Taxation and Remote Employees
The Covid-19 pandemic forced many businesses into remote working arrangements well before anyone was prepared to address issues of teleworking employees. What began as a temporary workforce solution for some businesses has given rise to more remote employment opportunities opening for employees, including work from home arrangements with employees living in other states. This raises important questions for employers regarding their obligations under state income tax and withholding laws.
At the start of the pandemic, Pennsylvania, for example, issued guidance permitting employers essentially to ignore remote work for tax purposes, so Pennsylvania businesses could continue to treat remote employees as working in their normal location for purposes of withholding. However, the application of this temporary guidance expired June 30, 2021, and employers should review to ensure they are withholding correctly for teleworking employees.
Generally, Pennsylvania taxes apply to compensation of all Pennsylvania residents, and Pennsylvania employers must withhold Pennsylvania taxes for a Pennsylvania resident employee regardless of where the income was earned. For a non-resident employee, Pennsylvania taxes only apply if the services were performed within the Commonwealth. However, Pennsylvania has adopted a “convenience-of the employer” doctrine, which allows remote work performed outside of Pennsylvania by a non-resident of Pennsylvania to be taxed at the Pennsylvania rate in some circumstances.
Under the “convenience-of-the-employer” doctrine, when a non-resident employee performs services both within and outside Pennsylvania, and the days worked outside Pennsylvania are not based on the necessity of the employer, Pennsylvania income tax will apply to all of that employee’s compensation. Alternatively, if the non-resident employee lives in a state that has a reciprocal agreement with Pennsylvania, then the “convenience-of-the-employer” doctrine does not apply. These states are Indiana, Maryland, New Jersey, Ohio, Virginia, and West Virginia, which all agree that a non-resident employee’s compensation will only be taxed in the employee’s state of residence regardless of where the work is performed.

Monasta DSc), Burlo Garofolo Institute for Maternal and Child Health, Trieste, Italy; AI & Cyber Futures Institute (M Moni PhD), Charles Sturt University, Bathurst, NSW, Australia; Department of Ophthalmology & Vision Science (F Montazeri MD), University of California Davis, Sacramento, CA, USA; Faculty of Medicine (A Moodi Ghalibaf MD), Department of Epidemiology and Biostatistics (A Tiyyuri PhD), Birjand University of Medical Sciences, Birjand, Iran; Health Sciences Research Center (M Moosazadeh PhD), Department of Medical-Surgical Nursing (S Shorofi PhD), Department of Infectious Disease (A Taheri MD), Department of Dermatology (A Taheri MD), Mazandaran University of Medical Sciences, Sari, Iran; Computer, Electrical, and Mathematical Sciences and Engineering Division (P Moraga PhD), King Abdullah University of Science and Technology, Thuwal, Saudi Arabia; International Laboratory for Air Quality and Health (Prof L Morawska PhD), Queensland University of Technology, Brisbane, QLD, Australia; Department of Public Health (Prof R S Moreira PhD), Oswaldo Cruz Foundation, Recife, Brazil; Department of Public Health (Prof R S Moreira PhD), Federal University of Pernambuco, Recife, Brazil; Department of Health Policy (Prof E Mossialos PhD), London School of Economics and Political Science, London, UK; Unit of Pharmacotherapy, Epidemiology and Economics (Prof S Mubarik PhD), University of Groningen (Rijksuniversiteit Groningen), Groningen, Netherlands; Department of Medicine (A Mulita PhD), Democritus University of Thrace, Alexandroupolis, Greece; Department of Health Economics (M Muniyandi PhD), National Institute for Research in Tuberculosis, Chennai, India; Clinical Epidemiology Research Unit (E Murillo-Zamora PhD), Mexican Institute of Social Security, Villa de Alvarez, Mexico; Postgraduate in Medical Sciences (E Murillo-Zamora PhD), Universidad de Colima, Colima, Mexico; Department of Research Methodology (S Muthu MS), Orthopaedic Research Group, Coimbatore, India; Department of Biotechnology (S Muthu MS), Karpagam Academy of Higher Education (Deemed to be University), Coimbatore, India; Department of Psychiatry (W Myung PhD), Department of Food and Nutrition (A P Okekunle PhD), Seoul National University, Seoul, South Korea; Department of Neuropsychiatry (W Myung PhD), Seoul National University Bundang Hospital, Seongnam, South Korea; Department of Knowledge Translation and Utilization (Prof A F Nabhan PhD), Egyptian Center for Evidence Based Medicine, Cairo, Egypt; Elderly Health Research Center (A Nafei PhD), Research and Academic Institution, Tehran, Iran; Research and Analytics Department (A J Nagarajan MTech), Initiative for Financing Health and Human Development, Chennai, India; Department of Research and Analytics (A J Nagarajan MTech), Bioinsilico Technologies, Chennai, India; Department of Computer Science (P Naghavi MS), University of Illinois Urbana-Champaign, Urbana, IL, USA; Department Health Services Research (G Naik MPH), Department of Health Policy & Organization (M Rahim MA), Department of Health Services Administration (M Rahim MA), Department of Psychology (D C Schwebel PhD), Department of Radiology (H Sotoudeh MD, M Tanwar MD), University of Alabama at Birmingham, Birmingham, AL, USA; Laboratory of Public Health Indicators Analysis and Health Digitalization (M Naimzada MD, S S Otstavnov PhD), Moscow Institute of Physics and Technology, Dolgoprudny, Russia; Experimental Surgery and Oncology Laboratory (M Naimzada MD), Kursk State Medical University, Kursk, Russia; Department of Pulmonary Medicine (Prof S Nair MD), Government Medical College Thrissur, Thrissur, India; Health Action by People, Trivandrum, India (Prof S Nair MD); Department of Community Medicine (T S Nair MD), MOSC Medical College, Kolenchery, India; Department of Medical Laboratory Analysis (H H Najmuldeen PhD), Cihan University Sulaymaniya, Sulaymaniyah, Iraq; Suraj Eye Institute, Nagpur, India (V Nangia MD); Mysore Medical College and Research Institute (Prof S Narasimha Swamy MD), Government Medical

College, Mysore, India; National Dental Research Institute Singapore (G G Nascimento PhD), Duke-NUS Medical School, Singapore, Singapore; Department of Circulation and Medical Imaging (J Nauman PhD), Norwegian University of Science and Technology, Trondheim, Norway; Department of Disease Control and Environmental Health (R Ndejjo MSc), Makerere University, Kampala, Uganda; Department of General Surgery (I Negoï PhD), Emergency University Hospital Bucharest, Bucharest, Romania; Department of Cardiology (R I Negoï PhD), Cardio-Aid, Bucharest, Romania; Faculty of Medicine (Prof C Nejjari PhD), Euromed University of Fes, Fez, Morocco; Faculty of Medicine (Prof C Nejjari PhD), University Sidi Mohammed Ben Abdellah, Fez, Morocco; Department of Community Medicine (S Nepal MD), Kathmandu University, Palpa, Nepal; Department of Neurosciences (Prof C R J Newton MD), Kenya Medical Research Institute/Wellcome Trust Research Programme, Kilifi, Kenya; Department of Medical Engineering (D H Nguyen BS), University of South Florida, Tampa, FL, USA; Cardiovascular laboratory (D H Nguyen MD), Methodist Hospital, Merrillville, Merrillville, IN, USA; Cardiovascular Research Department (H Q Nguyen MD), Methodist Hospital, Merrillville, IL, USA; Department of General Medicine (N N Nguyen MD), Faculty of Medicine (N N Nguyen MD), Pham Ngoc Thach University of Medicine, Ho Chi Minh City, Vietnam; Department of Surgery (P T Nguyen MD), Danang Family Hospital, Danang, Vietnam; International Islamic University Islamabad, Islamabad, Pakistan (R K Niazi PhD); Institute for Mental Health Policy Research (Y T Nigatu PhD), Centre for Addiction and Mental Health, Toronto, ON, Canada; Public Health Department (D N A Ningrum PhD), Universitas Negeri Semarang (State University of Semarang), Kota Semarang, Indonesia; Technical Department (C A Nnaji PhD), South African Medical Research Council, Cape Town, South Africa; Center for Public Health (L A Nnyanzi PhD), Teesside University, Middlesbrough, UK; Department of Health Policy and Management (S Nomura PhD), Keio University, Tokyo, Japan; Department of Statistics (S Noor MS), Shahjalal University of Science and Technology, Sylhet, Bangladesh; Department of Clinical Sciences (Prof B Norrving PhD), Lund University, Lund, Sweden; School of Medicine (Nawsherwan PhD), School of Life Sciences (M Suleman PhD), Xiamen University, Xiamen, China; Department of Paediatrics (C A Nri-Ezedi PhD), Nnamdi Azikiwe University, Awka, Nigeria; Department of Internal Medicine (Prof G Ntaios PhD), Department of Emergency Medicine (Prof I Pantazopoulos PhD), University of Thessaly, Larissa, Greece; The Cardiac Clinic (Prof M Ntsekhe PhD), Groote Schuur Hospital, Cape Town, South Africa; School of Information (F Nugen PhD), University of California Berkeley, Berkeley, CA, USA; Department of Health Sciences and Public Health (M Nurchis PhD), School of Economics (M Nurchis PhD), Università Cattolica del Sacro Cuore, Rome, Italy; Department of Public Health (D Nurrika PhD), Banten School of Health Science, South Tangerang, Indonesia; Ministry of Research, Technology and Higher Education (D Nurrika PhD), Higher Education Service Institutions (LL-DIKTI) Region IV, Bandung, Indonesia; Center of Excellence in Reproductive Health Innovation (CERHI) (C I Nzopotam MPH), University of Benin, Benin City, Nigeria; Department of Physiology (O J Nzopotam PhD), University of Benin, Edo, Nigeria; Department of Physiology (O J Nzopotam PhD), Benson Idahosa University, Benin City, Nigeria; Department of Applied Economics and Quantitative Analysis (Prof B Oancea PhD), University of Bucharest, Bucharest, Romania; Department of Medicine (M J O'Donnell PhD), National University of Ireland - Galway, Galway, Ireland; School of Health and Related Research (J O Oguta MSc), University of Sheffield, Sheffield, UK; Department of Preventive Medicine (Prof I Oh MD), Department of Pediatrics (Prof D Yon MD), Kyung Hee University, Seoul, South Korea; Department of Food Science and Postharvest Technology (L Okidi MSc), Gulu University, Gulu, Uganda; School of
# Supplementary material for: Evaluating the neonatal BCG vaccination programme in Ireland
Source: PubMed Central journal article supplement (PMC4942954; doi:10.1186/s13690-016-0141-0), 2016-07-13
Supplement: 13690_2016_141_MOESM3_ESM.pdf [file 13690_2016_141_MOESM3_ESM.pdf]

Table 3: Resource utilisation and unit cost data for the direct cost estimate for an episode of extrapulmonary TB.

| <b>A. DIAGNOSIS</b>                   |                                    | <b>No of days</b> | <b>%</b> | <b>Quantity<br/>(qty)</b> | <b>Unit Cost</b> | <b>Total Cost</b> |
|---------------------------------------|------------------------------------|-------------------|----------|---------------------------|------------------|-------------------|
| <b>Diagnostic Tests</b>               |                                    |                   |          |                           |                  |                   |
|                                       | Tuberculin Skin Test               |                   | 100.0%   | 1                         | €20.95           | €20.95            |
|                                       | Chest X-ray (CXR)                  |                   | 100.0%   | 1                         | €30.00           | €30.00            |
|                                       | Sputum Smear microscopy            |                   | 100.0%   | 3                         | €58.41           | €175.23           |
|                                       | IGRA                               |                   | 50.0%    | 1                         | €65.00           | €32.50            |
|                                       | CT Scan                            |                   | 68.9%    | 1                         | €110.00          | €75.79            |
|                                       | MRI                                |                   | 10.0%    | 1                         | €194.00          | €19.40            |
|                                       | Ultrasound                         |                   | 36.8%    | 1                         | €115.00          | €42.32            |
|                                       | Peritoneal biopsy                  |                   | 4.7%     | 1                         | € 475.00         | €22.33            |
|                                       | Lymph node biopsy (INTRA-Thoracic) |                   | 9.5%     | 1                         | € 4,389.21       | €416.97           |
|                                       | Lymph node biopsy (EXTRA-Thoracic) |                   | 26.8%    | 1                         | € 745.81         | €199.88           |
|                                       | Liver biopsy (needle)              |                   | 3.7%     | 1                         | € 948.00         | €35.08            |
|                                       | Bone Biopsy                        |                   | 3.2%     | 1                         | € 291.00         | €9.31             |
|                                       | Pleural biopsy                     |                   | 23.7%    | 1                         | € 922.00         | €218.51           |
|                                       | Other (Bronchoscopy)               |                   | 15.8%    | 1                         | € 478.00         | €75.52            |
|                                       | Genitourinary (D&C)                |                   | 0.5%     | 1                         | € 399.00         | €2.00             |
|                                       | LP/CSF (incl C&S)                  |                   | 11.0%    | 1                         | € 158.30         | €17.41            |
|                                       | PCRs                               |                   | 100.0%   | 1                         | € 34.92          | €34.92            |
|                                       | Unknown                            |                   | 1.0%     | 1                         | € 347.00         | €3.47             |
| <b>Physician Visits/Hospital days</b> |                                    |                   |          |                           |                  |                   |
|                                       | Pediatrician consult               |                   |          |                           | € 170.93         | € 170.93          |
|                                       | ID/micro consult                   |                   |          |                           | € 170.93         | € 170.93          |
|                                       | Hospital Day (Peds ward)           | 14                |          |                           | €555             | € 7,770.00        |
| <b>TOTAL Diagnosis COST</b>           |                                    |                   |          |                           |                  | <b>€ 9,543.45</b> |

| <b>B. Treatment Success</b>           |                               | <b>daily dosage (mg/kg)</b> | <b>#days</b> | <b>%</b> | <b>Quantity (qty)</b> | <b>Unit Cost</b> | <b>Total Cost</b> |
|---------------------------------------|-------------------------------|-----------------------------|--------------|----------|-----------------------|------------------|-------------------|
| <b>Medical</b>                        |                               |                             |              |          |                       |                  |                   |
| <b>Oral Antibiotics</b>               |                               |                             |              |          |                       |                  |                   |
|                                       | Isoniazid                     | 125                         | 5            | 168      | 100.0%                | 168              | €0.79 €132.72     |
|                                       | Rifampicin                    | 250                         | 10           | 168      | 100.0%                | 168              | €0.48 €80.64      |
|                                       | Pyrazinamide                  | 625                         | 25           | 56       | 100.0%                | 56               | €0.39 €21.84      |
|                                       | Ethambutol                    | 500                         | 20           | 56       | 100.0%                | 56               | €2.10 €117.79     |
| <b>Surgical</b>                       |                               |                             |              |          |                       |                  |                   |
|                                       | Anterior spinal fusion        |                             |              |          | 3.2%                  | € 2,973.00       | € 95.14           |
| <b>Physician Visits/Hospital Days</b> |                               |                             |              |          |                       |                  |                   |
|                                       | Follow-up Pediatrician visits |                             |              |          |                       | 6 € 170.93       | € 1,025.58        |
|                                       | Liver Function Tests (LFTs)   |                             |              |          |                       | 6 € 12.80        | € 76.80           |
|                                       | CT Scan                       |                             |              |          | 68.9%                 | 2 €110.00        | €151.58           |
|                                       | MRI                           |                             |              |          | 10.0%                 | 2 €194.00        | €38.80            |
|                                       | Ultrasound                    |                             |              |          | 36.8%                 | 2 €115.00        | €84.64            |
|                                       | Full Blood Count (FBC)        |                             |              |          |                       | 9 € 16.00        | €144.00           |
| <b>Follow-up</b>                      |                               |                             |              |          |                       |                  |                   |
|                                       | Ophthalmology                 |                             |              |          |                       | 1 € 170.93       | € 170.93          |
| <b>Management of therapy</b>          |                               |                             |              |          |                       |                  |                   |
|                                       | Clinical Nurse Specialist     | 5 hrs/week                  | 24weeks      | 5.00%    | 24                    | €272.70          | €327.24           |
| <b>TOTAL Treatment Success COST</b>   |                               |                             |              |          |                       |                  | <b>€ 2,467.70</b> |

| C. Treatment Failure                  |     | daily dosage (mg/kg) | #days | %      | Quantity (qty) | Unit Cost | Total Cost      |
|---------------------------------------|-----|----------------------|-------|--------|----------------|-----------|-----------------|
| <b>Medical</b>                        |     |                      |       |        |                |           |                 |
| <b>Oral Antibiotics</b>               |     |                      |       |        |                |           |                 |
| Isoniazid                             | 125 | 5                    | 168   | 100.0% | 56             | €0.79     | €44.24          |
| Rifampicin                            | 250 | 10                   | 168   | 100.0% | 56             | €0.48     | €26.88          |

Maryland also has reciprocal agreements with Virginia, West Virginia, and the District of Columbia. Generally, if an employee’s income is sourced in Maryland, then Maryland state income tax and withholding applies regardless of whether the employee is a resident of Maryland or another state. However, if a non-resident employee’s state of residence has a reciprocal agreement with Maryland, then the Maryland employer must withhold the state income tax of the non-resident employee’s state of residence instead of Maryland. For example, if the employee is a resident of Virginia and teleworks in Virginia, Virginia income tax and withholding applies, and there is no Maryland withholding obligation.
Employers who continue to allow remote working arrangements should carefully review this issue with a tax practitioner and/or reach out to our Team at Support@shumakerwilliams.com with any questions.
The information contained herein is provided for general informational purposes only and may not reflect the current law in your jurisdiction. No information contained in this blog should be construed as legal advice from Shumaker Williams P.C. or the individual author; nor is it intended to be a substitute for legal counsel on any subject matter. This blog is current as of the date of original publication.
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